45 Queen Caroline Street
Compton – (A136)
An original 1932 Installation
Designed by Robert Cromie and originally intended to be the Davis Theatre, the 3560-seat Gaumont Palace opened on Easter Monday, March 28, 1932. Leslie James was at the organ on opening night, and he was followed as first resident by Stanley Tudor who remained until October 1935. Successive resident organists included Miles Wilde, John Madin, Leslie Simpson, Terrance Casey and Andrew Fenner with the last, from April to September 1947, being Robin Richmond.~
The Compton organ, which is playable from a full four manual console, is installed in two over-stage chambers and originally contained the following units: Open Diapason, Horn Diapason, Concert Flute, Stopped Flute, French Horn, Tuba Horn, Trumpet, Clarinet, Tibia, Cello, Violin, Violin Celeste, Salicional, Vox Humana and Krummet. This last was exchanged at some time with the Orchestral Oboe from the Shepherd’s Bush Pavilion, resulting in the specification which exists today.
The Theatre became an Odeon in 1963 and a series of concerts were held throughout the 1970s and early 1980s, the last being in 1982 after the orchestra pit had been covered over and a box constructed around the console to enable it to be raised. However, this arrangement had to be strengthened and made permanent for safety reasons, thereby entombing the console.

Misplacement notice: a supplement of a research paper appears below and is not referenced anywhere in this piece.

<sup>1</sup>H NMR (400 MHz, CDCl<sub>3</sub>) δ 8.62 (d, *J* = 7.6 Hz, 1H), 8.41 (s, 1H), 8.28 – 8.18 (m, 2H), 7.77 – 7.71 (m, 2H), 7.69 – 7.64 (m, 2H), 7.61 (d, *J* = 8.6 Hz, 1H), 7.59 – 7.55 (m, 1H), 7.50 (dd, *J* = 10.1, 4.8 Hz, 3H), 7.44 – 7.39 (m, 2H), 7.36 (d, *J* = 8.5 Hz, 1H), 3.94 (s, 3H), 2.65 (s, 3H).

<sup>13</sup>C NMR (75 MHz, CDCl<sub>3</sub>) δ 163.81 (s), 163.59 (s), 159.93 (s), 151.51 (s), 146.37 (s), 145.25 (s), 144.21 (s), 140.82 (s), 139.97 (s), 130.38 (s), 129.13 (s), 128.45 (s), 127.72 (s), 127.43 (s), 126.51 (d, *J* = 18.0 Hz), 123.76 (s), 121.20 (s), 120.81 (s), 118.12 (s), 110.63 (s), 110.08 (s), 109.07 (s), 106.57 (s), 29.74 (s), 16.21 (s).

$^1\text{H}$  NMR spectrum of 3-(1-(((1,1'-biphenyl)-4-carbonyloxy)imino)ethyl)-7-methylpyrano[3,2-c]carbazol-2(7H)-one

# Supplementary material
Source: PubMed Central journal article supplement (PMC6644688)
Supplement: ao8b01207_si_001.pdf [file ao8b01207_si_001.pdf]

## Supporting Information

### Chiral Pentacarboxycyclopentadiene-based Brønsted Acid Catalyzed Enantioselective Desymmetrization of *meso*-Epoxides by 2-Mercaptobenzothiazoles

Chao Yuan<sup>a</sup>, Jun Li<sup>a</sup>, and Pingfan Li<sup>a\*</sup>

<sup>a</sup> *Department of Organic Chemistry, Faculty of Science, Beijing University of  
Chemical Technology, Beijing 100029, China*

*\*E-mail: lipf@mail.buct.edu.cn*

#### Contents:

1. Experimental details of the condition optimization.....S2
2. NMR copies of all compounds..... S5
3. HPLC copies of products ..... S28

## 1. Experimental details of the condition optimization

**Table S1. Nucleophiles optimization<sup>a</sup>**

In 2007 the firm of HWS Associates were awarded the contract to restore the organ and, most importantly, re-connect the console to the chambers as the main cable had been severed at some time in the past. This work was completed in July, 2007. At the same time a new lift was installed to enable the console to be brought up to stage level for the first time in decades. Since this work was completed the organ has been featured a number of times in public and recently appeared on comedian Dara O’Briain’s 2010 DVD ‘This is the Show’ with Richard Hills at the console.